Trauma Center


For twelve years now my partner and I have been interviewing Salvadorans for this project.  It continues to evolve in order to allow more voices to be heard.   

Staying in touch with our scholarship students during the Covid-19 virus pandemic, we are all stressed.  One student wrote these words via What’s Ap.  “Here the measures are extreme, quarantine is mandatory; if you do not obey you can go to prison after isolating yourself from your family for 30 days. . . .Our country is not prepared for a virus like that so we are waiting, watching from our homes as it progresses here.”

In Lutheran Bishop Medardo Gomez’s note to pastors and friends on 3/26/20 during this pandemic he reminded his pastors to: “Care of trauma pastors to families and people affected by the environment of concern and fear. In the face of emergency measures dictated by the government, state of siege or emergency regime, maintain the complaint of disrespect, mistreatment and abuse of human rights.

We listen; we learn.  Sometimes we hear recurrent themes and patterns throughout our interviews.  One that has been particularly troubling to me is that of trauma.  Given the twelve years of civil war that many of our storytellers lived through, whether they fought in it or were innocent civilians, it is no wonder that they continue to be tormented by the trauma they experienced.  As we hear the gruesome details of the atrocities they witnessed, of having survived massacres, of being brutally attacked, of seeing their villages bombed and burned, of being displaced, land living through unsuitable refugee camps, and on and on and on, I feel as if I were with each and every one of them.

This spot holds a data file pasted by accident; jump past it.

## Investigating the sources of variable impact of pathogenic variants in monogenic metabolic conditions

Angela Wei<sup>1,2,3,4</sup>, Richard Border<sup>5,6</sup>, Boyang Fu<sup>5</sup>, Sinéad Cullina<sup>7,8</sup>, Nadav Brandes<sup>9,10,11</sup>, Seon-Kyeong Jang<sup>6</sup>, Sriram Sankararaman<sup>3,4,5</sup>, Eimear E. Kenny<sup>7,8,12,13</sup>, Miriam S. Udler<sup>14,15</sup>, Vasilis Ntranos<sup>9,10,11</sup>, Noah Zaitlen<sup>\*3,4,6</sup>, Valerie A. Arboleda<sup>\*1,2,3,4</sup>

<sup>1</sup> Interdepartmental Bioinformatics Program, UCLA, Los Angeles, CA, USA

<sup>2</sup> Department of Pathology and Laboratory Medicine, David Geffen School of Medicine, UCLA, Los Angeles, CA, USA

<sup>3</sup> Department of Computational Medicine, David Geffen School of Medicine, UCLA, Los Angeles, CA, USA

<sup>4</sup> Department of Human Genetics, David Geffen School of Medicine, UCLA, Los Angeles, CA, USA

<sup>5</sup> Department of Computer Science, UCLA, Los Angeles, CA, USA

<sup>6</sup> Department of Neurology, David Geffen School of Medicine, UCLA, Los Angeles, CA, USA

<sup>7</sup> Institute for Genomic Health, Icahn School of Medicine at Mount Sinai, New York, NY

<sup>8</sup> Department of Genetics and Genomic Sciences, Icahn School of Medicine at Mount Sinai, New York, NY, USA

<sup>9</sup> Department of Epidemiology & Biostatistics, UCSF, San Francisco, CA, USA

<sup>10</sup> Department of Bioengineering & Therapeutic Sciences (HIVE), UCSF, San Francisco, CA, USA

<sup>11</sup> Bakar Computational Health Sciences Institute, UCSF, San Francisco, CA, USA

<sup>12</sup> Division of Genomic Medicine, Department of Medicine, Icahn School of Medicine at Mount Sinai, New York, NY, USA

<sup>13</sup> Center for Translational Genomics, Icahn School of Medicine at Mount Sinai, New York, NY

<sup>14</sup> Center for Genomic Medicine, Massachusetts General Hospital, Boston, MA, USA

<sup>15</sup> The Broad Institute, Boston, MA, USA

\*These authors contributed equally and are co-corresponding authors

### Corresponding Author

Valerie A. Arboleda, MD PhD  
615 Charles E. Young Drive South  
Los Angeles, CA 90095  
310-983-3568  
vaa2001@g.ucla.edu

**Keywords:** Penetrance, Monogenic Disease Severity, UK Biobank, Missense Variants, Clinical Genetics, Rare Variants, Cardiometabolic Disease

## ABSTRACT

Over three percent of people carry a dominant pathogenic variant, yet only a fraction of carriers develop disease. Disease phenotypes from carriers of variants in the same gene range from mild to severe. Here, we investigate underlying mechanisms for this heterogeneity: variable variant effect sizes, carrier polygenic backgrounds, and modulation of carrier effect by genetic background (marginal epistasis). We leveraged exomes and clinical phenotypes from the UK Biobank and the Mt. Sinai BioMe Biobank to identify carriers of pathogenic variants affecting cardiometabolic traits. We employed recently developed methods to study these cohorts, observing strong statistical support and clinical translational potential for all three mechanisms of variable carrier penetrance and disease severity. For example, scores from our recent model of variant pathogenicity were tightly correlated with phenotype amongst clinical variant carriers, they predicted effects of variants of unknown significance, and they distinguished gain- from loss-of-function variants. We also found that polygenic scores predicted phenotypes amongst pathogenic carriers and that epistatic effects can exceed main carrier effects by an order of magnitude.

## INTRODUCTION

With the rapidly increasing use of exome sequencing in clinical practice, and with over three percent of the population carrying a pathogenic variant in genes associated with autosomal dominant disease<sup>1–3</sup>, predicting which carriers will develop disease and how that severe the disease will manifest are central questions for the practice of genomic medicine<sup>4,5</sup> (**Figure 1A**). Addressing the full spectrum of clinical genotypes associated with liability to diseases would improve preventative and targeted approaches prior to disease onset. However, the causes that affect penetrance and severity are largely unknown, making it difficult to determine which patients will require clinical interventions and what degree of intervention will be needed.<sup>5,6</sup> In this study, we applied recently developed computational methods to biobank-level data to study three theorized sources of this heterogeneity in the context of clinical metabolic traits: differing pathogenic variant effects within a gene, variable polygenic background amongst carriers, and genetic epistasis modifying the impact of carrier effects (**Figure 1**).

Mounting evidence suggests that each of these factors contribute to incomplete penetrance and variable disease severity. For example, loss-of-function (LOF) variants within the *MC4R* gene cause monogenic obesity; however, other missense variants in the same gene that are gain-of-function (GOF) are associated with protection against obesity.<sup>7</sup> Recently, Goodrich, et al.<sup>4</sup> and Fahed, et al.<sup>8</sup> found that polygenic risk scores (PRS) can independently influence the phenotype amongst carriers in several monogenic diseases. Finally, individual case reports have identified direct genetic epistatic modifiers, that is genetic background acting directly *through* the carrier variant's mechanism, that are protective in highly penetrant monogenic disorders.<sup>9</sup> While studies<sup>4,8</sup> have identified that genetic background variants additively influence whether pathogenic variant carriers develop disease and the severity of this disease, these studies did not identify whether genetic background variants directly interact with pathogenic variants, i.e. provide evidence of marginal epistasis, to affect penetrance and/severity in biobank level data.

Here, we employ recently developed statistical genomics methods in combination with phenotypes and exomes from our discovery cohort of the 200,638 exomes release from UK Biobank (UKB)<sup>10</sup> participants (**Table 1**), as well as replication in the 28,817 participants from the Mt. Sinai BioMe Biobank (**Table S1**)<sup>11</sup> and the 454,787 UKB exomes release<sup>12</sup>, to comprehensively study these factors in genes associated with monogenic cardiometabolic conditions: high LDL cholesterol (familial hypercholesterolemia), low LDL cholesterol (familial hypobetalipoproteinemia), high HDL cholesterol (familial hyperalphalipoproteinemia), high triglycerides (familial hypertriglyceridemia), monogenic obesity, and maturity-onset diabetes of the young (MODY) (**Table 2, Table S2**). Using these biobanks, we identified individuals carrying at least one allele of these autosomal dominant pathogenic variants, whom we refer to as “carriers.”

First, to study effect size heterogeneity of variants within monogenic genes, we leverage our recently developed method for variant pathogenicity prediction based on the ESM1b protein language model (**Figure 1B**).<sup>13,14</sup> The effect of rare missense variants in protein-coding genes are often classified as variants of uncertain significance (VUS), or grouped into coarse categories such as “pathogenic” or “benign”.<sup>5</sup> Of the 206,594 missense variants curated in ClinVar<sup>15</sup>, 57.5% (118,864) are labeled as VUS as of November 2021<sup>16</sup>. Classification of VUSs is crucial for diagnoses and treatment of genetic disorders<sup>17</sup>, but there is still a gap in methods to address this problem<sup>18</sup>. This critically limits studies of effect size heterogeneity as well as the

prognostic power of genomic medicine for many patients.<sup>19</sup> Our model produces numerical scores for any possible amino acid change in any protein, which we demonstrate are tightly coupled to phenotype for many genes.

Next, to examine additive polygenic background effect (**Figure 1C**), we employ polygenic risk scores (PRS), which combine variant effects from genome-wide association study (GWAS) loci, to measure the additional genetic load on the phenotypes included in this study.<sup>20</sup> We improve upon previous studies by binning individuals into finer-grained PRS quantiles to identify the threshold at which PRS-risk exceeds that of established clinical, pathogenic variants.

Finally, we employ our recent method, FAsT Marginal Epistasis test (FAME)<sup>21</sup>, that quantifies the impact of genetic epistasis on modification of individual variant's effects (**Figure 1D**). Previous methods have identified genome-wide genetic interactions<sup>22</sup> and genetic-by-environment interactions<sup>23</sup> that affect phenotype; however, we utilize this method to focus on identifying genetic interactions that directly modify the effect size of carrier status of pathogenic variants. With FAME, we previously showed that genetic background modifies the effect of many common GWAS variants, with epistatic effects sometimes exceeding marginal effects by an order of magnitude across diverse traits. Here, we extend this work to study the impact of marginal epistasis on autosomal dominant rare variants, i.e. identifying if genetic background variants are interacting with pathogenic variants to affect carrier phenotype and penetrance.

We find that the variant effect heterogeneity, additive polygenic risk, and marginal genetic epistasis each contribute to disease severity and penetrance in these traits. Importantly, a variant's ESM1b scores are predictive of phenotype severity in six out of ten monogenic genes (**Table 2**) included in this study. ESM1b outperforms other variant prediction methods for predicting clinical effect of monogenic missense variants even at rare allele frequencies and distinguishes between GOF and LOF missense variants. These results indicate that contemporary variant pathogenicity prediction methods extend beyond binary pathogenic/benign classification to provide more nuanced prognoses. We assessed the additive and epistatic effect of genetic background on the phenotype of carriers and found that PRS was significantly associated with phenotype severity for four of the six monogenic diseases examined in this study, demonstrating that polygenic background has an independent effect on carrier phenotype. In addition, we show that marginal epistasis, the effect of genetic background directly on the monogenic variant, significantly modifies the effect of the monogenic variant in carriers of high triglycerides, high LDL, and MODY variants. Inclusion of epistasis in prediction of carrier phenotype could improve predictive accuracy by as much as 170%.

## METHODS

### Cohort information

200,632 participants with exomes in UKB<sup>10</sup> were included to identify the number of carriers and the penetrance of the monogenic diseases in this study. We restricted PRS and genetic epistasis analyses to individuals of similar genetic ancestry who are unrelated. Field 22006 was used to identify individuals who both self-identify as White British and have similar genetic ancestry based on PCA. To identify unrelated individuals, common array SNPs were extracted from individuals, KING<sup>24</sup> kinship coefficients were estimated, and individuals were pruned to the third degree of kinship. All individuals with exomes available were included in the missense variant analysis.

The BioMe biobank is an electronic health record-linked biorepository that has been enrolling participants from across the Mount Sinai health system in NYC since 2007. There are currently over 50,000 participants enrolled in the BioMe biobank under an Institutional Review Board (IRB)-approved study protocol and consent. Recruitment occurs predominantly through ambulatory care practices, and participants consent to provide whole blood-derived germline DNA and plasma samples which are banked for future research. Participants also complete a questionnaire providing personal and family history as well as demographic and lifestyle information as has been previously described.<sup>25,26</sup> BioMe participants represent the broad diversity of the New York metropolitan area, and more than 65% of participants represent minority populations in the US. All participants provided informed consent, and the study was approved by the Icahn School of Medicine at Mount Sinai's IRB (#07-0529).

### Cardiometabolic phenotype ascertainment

War victims are only one demographic experiencing trauma in El Salvador.  We can look at  many others as well.  We hear trauma of separated families, of losing family members and homes from natural disasters, of hiding from gangs they have escaped from, of searching for biological families they were kidnapped from, of trying to start a new life after prison and finding no opportunities available.  Trauma is rampant throughout lives in El Salvador.  It has haunted me for years.

Inevitably one of my questions to these folks is, “Did you receive treatment of any kind to assist you in the aftermath of the trauma you experience(d)?”  The typical answer is “Talking to people like you who are interested helps.”  I am always flabbergasted that this is all — the sum total—of the help they have ever received.  I have spent much time researching “survivors’ guilt,” which is the phenomenon many Salvadorans are experiencing without knowing it is a common outcome of their trauma.  They also don’t know they have PTSD which causes the disturbing night terrors and other symptoms they blame themselves for. 

Often I ask leaders of NGOs why there is no professional counseling available and am never satisfied with the answers I hear.  In a nutshell, while they agree the need is there, it boils down to reminding me that El Salvador is a developing country with far more pressing issues to solve than healing the human psyche.  I leave the conversations feeling unsatisfied and wanting to open regional trauma centers staffed by dozens of psychologists and psychiatrists with expertise and experience in treating trauma victims.  (But that is my outsider’s pie-in-the-sky notion.)

Lo and behold, on our last trip to the country, we stumbled upon exactly that!  I was overjoyed to say the least.  Unfortunately, it happened to be a day no staff was available to speak with and no clients were present.  However, I got the name of one of its administrators whom we happen to know personally and was able to discover some information about the trauma center a few days later.  (I should preface this by saying that he happened to be co-leading an international youth exchange group of 22 youth from Germany/El Salvador at this time, so his time for sharing information with us was very limited and his attention was just a bit frazzled!)